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Liam, now 11, poses with the drum he uses to relay commands during Civil War re-enactments while out on the re-created battlefield. (Contributed photo)

Ever since he first began participating in Civil War re-enactments 56 years ago, Ben Rogers has been in love with the adrenaline rush the hobby provides.

He loves the thrill of being surrounded by musket fire and the clashes punctuated by cannon fire, but he says the "living history" recreations became even more exciting for him in 2015, when his 7-year-old grandson Liam Rogers began accompanying him on the battlefield as a drummer boy.

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Liam, now 11, poses with the drum he uses to relay commands during Civil War re-enactments while out on the re-created battlefield. (Contributed photo)

Over the last three years, Liam, now 11, has participated in more than 30 events throughout the Southeast with the 6th Kentucky Company A and the 37th Tennessee Company Aytch, which is based in Chickamauga. This July, he even got a chance to travel to Pennsylvania to take part in the 155th Gettysburg Anniversary National Civil War Battle Reenactment.

Despite being younger than many other drummer boys, who Ben said typically range in age from 8-16, Liam has dutifully kept pace with the men in his unit, performing drum rolls and calls to signal attack and retreat as they march anywhere from a few yards to 10 miles.

When the re-enactors head out for a weekend, they may also be at the mercy of the elements for up to 48 hours, yet Liam keeps up with the troops without a complaint, said Rogers.

"It is a big commitment for a boy to give up playing with friends, video games and sleeping in on weekends to camp in rugged conditions, march for miles in wool uniforms and deal with varying weather, mosquitoes, chiggers and ticks," said Liam's grandmother, Carol Rogers.

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Liam, now 11, poses with the drum he uses to relay commands during Civil War re-enactments while out on the re-created battlefield. (Contributed photo)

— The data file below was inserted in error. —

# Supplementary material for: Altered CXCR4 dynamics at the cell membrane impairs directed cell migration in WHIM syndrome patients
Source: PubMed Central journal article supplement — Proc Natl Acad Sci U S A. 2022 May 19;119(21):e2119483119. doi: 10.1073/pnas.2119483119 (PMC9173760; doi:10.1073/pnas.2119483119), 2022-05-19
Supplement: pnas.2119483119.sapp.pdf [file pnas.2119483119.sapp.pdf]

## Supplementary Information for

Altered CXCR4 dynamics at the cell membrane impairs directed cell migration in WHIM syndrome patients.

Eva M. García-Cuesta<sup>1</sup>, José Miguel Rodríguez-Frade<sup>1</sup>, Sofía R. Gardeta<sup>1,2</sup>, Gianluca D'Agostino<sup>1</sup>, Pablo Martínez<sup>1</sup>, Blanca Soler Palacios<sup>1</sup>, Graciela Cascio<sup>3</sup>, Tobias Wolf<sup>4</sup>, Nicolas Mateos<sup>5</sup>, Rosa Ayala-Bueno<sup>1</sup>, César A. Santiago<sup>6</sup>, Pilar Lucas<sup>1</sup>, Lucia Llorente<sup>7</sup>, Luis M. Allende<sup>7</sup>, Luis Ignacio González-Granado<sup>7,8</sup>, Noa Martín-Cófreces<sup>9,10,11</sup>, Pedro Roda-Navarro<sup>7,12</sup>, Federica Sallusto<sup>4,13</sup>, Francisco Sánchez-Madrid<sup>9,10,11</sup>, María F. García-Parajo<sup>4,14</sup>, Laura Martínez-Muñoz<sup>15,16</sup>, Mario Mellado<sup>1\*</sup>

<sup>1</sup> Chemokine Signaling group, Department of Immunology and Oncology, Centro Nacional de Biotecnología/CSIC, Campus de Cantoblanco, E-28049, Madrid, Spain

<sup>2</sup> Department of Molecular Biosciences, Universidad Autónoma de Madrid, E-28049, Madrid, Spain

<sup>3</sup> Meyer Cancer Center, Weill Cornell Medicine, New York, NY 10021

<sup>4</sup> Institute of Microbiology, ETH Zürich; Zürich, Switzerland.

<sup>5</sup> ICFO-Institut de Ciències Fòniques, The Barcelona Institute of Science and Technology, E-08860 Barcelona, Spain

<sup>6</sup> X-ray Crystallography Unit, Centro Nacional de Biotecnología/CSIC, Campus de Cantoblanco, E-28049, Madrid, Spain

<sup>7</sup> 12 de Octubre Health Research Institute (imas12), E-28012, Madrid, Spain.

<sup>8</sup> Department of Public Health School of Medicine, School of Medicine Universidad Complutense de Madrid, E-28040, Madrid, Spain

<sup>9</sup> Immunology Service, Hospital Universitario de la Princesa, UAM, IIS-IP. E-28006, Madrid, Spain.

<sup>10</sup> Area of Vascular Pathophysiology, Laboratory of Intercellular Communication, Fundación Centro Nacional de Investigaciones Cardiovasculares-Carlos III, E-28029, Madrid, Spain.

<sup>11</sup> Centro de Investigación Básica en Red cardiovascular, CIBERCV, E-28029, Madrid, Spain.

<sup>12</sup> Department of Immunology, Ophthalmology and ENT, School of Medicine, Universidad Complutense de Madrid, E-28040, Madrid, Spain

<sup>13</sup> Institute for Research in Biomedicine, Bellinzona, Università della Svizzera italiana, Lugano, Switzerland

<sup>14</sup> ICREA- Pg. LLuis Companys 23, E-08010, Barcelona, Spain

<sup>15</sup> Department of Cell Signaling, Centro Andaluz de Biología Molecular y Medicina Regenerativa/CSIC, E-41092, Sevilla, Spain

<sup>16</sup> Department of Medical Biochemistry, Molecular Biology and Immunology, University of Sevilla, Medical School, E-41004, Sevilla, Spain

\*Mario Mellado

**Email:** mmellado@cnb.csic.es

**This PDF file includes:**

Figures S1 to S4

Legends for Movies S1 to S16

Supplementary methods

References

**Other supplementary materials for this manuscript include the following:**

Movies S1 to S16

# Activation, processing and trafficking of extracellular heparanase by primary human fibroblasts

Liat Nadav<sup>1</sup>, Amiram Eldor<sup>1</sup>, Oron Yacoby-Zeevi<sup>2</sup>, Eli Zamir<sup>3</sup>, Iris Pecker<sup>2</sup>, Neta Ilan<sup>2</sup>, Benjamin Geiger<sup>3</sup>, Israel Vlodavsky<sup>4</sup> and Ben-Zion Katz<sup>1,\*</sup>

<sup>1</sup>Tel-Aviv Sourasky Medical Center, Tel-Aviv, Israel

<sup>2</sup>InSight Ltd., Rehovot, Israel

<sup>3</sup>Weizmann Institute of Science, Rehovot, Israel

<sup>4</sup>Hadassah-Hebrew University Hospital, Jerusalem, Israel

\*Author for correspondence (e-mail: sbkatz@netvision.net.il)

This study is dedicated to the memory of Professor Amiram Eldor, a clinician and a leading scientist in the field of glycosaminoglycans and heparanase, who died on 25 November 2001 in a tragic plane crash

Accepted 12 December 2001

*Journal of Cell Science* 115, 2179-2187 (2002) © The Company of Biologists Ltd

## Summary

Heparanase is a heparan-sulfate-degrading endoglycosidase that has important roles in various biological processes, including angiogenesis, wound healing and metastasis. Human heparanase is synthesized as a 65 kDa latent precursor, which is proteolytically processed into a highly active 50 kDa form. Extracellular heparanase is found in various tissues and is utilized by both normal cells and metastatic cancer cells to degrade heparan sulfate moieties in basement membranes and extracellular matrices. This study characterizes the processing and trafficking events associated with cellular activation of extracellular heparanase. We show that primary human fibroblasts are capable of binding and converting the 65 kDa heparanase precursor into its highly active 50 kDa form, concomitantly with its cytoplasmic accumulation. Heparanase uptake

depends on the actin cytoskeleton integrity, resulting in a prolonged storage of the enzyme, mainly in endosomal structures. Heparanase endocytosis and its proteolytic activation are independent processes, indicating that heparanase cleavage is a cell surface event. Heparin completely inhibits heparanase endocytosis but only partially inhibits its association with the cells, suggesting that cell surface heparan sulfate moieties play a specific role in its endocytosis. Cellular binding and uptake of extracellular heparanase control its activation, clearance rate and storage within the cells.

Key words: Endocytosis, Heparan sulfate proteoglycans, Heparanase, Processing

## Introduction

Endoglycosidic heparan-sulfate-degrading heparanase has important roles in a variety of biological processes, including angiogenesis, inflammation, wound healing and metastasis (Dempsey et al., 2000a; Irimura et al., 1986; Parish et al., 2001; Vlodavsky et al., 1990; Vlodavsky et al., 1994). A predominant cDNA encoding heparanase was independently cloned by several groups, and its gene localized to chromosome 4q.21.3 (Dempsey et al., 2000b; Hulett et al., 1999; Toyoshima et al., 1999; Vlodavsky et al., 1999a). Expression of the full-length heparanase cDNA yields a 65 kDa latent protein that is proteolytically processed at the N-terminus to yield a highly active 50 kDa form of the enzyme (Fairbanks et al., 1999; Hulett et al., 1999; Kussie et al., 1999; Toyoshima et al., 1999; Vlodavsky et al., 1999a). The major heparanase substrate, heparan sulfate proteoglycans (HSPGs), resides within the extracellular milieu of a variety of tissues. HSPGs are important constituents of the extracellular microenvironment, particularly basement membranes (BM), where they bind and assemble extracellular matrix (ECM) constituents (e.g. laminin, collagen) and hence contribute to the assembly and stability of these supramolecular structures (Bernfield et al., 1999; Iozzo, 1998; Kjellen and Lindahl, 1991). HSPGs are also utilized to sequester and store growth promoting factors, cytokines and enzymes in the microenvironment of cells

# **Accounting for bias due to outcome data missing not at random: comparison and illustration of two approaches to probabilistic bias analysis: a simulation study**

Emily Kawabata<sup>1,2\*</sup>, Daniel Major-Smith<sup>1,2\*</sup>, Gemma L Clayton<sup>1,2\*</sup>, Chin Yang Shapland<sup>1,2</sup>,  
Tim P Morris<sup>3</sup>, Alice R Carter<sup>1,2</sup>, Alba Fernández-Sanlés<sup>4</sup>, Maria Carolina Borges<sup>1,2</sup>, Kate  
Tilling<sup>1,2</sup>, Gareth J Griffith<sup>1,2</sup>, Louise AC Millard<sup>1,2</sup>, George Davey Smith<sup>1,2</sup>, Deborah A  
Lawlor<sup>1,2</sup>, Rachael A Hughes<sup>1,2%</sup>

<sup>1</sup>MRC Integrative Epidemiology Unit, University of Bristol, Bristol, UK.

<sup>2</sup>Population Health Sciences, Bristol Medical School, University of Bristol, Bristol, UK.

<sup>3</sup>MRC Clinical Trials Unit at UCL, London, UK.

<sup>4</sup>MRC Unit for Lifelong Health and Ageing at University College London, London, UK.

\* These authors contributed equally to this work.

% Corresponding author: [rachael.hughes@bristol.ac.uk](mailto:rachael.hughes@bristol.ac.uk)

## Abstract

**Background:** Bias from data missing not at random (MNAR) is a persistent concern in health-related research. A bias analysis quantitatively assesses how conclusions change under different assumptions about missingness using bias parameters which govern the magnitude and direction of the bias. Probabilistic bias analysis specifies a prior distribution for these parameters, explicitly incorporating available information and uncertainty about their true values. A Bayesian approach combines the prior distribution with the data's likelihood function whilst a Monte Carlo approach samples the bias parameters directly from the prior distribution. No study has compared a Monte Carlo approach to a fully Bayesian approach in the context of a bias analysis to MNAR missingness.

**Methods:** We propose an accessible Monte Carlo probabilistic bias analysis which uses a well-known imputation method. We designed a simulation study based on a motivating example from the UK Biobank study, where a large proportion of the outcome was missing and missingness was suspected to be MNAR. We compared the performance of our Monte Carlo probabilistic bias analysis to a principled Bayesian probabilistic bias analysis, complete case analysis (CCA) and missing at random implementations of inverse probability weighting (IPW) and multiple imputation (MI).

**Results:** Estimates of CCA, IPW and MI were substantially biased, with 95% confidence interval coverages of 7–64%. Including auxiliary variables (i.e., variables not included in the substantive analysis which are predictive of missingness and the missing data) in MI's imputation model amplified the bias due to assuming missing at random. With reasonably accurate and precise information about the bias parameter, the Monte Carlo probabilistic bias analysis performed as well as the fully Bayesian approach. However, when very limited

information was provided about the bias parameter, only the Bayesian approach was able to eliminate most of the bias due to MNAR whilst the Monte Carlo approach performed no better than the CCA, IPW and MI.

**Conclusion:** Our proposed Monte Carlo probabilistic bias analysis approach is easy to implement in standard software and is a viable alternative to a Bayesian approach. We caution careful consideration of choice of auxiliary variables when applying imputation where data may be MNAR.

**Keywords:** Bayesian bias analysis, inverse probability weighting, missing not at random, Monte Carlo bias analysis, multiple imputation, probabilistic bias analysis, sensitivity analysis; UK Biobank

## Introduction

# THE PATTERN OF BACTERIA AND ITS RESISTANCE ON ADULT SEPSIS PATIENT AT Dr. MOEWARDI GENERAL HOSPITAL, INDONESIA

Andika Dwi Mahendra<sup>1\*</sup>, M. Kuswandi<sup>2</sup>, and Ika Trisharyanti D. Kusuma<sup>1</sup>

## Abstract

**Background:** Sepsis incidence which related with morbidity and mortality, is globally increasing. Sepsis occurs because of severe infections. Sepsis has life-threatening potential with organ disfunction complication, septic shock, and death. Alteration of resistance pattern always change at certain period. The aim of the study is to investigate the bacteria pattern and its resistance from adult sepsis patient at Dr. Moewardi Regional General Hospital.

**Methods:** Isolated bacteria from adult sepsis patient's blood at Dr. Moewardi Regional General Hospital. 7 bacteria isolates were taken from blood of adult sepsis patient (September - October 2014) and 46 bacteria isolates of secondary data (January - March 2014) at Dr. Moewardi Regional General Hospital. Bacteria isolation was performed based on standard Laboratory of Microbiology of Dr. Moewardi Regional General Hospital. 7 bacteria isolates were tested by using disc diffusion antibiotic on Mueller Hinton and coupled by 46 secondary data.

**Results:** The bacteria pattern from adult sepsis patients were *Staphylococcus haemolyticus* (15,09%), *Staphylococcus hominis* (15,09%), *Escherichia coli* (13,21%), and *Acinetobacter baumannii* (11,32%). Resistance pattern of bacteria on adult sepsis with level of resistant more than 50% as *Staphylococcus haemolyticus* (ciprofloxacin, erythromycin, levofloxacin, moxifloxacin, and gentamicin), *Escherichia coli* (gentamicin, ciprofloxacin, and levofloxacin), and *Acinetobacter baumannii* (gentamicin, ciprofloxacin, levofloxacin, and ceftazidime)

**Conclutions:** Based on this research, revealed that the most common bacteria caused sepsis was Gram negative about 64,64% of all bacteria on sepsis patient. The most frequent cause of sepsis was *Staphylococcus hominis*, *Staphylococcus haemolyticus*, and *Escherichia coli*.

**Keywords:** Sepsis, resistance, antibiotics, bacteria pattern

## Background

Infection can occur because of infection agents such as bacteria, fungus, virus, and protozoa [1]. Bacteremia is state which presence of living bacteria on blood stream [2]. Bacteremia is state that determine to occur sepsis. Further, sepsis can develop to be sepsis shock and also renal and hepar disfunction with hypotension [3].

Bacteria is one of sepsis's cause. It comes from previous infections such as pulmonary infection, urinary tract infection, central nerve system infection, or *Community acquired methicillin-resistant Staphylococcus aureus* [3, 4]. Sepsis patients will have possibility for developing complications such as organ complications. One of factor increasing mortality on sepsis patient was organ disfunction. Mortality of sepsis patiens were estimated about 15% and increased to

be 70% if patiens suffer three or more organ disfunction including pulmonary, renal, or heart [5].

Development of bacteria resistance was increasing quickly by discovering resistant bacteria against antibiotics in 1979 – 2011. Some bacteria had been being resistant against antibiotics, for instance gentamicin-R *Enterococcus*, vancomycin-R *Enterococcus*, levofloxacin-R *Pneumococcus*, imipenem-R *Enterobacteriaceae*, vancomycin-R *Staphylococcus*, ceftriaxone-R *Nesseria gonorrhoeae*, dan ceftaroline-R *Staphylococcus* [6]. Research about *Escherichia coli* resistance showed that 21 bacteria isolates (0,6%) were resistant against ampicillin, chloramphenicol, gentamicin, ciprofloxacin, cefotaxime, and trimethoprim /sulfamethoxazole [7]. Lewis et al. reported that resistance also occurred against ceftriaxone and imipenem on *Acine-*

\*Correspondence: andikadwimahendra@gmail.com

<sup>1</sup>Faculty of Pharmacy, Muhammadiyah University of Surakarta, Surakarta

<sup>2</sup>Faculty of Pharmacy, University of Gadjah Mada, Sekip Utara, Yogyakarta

His resilience and service has earned him a certificate from the National Park Service's Volunteer-in-Parks Program every year since 2015. The certificates are awarded to those who have surpassed 300 volunteer hours during re-enactments coordinated by the federal agency.

"I feel like I would be missing out if I wasn't doing this right now because none of this would have ever happened," Liam said, referencing the awards and his own experiences on the battlefield.

Aside from learning how to strike a fire with flint and steel, prepare a meal over an open fire and other crucial survival skills, Liam said he really enjoys participating in re-enactments because they give him they ability to get spectators excited about history.

"[It] gives kids and adults the opportunity to learn, and the fact that they get to see it happen before their own eyes really helps with the learning," he said.

The hobby also gives the boy a chance to pay homage to every soldier who risked his life during the war, whether Union or Confederate.

"Liam has both the blue uniform and a gray uniform," Ben Rogers said. "And it doesn't make any difference which uniform he's wearing, he's re-enacting and commemorating those men who wore those uniforms at that time in our history."

Email Myron Madden at mmadden@timesfreepress.com.

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